The Department of Commerce and Investment is again hosting Cayman Entrepreneurship Day, this year on April 10. The Journal met up with organizer Charmaine Moss as well as local entrepreneurs to hear about how the event benefits both local business people and young people seeking to start a business.
Before this year’s Cayman Entrepreneurship Day was even advertised, participants from last year’s event had contacted Charmaine Moss, business development adviser with the Department of Commerce and Investment, asking to reserve a spot again this year.
“Not only that, but we have had a lot of new interest this year as well,” she says.
Cayman Entrepreneurship Day, established to help facilitate communication among businesses and between business owners and their customers, includes booths showcasing local businesses, as well as workshops offering vital information to help new entrepreneurs get off the ground.
Similar to last year, there will be a “Dragon’s Den”/”Shark Tank”-type event in whcih young entrepreneurs will have the opportunity to pitch their business ideas to a panel of experts. A reception in the evening will feature some of Cayman’s most successful entrepreneurs on a panel to discuss how they found success within their own businesses and how to avoid some of the most common pitfalls when starting up.
Cross-section of businesses
Moss says there will be about 30 spots for local businesses to set up booths, their base of operations from which they can sell their goods and services and network with browsers and other business owners.
“We will ensure that we have a good mix of industries represented,” she says, “so only two or three booths will be allowed per industry. Last year we had an excellent mix, including businesses from the world of hospitality, construction, IT, retail, tutoring, cleaning services, and even from the Economics and Statistics Office, which uses the opportunity to glean vital data on small businesses. The Chamber of Commerce also reserved a booth.”
Moss also works to ensure that the businesses showcased at the event are complementary to each other, to maximize benefits for each individual business.
“For example, we may have a marketing business situated near to a business in need of marketing services. We want each business to get as much exposure as possible at Cayman Entrepreneurship Day and hopefully increase sales at the same time,” she says.
The cost of renting a booth is low at $175, thanks to sponsorship of the event.
“We want our event to be accessible to small businesses, so we have to ensure that booth costs are kept to a minimum,” Moss says. “For the cost they get a designated booth area with a table, chairs, a backdrop and electricity. Booth holders are free to decorate their booth as they wish, with banners, posters and other marketing materials to entice people to come and visit. Entrance to the event is free.”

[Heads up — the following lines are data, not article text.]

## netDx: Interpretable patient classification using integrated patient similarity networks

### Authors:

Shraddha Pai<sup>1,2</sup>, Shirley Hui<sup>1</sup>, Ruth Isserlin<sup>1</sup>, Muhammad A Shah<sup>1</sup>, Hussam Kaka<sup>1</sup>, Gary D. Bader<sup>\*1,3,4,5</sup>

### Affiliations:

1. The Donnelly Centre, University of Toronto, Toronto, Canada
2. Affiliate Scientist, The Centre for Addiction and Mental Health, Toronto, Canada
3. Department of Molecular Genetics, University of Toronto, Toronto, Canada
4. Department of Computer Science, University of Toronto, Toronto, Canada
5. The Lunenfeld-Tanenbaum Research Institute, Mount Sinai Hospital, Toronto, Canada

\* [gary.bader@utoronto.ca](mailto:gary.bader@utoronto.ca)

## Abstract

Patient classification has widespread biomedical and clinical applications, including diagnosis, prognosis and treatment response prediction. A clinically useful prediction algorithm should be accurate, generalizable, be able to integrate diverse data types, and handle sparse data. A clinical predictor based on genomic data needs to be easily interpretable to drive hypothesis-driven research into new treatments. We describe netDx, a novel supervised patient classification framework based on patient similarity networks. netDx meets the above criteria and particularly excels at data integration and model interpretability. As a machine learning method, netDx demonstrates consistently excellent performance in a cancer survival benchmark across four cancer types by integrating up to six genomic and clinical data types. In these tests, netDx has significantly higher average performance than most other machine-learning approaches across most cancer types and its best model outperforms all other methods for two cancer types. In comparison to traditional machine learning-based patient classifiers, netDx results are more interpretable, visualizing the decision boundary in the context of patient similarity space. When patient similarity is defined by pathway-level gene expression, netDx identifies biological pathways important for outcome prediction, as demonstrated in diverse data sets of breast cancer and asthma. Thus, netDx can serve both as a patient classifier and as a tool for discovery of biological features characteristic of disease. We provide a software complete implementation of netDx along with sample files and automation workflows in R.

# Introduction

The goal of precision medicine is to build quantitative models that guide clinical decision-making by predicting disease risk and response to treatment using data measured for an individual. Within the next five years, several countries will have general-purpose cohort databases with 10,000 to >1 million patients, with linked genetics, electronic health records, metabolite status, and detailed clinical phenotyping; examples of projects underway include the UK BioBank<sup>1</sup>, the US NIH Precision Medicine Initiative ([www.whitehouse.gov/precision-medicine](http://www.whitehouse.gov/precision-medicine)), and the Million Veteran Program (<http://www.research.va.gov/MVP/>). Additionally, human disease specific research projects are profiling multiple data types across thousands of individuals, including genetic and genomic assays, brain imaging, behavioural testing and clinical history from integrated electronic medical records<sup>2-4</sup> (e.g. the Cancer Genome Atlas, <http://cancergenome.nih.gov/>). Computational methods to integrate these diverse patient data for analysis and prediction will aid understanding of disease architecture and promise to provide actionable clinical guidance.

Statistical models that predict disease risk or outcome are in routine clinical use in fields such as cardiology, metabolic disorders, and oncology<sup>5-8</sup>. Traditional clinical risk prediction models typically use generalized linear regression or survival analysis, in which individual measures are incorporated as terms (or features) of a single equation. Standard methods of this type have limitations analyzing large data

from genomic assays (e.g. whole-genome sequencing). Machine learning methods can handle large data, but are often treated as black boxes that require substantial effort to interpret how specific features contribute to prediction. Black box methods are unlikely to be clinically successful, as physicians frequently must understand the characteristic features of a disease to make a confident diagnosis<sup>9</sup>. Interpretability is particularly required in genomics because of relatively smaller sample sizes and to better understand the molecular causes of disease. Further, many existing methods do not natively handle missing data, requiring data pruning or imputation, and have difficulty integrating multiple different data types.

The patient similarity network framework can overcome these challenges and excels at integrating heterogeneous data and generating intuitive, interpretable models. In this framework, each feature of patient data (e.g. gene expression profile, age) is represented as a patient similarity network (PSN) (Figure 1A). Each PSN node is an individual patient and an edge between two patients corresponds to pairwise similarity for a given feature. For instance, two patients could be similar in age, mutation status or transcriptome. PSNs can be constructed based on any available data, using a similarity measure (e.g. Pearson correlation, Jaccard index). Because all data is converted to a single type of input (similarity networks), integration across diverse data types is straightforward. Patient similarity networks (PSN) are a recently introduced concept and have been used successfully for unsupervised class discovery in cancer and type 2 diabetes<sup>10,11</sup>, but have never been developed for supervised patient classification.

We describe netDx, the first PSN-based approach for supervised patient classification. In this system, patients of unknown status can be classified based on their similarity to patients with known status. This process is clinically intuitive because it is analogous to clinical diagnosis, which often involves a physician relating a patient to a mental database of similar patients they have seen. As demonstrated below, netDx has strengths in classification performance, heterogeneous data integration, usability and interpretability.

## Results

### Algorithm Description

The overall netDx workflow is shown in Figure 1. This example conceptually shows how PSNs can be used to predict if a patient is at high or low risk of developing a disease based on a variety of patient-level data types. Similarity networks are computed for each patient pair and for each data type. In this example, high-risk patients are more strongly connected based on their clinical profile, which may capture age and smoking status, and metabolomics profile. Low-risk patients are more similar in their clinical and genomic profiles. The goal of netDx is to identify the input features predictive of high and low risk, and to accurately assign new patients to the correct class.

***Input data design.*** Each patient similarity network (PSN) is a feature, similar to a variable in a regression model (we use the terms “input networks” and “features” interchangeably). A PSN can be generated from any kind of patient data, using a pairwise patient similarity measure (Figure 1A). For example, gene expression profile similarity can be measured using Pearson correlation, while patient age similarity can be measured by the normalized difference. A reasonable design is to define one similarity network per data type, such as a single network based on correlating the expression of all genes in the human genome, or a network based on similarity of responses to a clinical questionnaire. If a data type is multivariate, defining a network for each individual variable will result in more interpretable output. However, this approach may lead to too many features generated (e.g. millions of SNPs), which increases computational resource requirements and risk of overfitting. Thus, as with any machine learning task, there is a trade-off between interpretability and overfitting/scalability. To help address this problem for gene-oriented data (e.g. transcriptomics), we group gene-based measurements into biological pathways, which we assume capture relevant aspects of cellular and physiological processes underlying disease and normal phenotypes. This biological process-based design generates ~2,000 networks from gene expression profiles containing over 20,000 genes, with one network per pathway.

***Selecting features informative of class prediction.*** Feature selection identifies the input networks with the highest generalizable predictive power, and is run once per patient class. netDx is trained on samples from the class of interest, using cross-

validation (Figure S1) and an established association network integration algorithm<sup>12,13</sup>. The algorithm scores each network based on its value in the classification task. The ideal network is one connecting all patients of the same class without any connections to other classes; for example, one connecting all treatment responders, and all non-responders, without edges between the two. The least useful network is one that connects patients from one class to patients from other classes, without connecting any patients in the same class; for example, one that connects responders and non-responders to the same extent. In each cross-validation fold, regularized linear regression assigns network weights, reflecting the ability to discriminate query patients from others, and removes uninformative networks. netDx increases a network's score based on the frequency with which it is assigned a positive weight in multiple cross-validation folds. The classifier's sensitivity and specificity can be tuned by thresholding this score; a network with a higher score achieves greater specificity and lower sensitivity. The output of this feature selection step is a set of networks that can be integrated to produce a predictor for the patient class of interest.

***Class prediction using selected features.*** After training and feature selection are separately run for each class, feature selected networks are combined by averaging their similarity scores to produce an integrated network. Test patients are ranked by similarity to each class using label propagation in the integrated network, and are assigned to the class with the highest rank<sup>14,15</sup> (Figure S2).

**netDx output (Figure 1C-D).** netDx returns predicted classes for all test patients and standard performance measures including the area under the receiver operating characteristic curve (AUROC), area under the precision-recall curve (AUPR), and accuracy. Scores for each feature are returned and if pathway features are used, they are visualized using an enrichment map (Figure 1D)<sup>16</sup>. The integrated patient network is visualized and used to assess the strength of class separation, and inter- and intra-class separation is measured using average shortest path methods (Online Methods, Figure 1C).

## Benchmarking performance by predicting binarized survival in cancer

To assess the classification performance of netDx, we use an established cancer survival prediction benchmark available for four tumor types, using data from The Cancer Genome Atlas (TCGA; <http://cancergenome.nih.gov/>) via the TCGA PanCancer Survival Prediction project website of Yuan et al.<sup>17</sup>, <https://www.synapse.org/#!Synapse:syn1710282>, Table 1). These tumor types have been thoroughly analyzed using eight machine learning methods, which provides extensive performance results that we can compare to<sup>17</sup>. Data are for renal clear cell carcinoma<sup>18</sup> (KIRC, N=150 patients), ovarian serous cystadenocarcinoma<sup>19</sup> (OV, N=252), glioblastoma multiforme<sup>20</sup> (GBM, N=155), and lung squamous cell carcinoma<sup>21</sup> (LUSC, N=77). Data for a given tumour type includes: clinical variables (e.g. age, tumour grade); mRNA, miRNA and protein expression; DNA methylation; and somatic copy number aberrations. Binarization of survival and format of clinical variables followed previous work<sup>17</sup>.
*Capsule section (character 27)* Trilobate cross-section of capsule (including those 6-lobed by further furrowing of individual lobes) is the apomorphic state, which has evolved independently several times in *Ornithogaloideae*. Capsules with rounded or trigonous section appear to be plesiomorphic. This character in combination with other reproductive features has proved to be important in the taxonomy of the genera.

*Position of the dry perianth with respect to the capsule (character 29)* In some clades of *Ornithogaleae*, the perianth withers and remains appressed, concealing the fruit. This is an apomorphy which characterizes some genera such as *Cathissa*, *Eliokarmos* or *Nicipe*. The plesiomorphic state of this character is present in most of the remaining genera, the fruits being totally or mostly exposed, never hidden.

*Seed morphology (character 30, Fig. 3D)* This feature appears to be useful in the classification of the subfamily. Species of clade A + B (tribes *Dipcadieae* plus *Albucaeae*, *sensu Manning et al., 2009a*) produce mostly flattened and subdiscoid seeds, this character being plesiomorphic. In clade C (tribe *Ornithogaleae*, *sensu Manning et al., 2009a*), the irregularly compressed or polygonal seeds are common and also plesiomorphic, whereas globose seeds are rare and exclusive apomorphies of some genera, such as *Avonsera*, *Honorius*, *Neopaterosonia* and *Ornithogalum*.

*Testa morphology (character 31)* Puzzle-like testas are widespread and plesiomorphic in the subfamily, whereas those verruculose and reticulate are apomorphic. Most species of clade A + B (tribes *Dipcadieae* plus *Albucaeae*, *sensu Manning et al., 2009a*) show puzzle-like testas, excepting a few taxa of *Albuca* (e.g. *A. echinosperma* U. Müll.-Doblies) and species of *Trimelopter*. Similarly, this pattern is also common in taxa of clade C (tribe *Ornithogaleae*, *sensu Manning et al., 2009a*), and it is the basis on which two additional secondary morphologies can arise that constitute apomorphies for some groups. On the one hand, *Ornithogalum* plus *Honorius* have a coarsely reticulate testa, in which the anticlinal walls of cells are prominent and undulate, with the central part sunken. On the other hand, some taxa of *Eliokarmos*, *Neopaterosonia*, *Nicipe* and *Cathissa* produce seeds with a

Opportunities to learn
A number of workshops will take place throughout the day and are free for all to attend. Last year the workshops focused on subjects the DCI thought were the most important for would-be entrepreneurs, such as preparing for financing (dealing with cash flow, bookkeeping, etc.), health insurance, pensions, licensing, leasing (covering issues such as upkeep of the property, additional fees such as garbage collection, etc.) and basic accounting.
Perhaps the most popular session is the one where young entrepreneurs get to pitch their business idea in a matter of minutes to a panel of established businesspeople who could well be investors in their business, should the right opportunity present itself. The critique, as with the popular TV shows “Dragon’s Den” in the U.K. and “Shark Tank” in the U.S., will be harsh but fair, Moss says. She adds, however, that would-be entrepreneurs will also have the option to pitch their ideas in a confidential setting, rather than to an audience, if they prefer. Word is out, and the event has already begun to stir interest.
“We have already had excellent feedback from education providers such as St Ignatius School, UCCI and Clifton Hunter School,” Moss says. “I think this aspect of the event will be really exciting and positive for young people. Young people will be very much a focus for us at this year’s event.”
Words of advice
At the end of the day, panelists will be interviewed about how they made it so successfully in their own field of work. Last year, Paramount Group owner Kent Rankin was among the panelists and Moss says he was candid in his answers, offering that it was the values his mother taught him that stayed with him throughout his professional career and helped him to succeed. DMS founder and president Don Seymour was also a panelist last year. He has some pithy words of advice for youngsters starting out on the entrepreneurship route: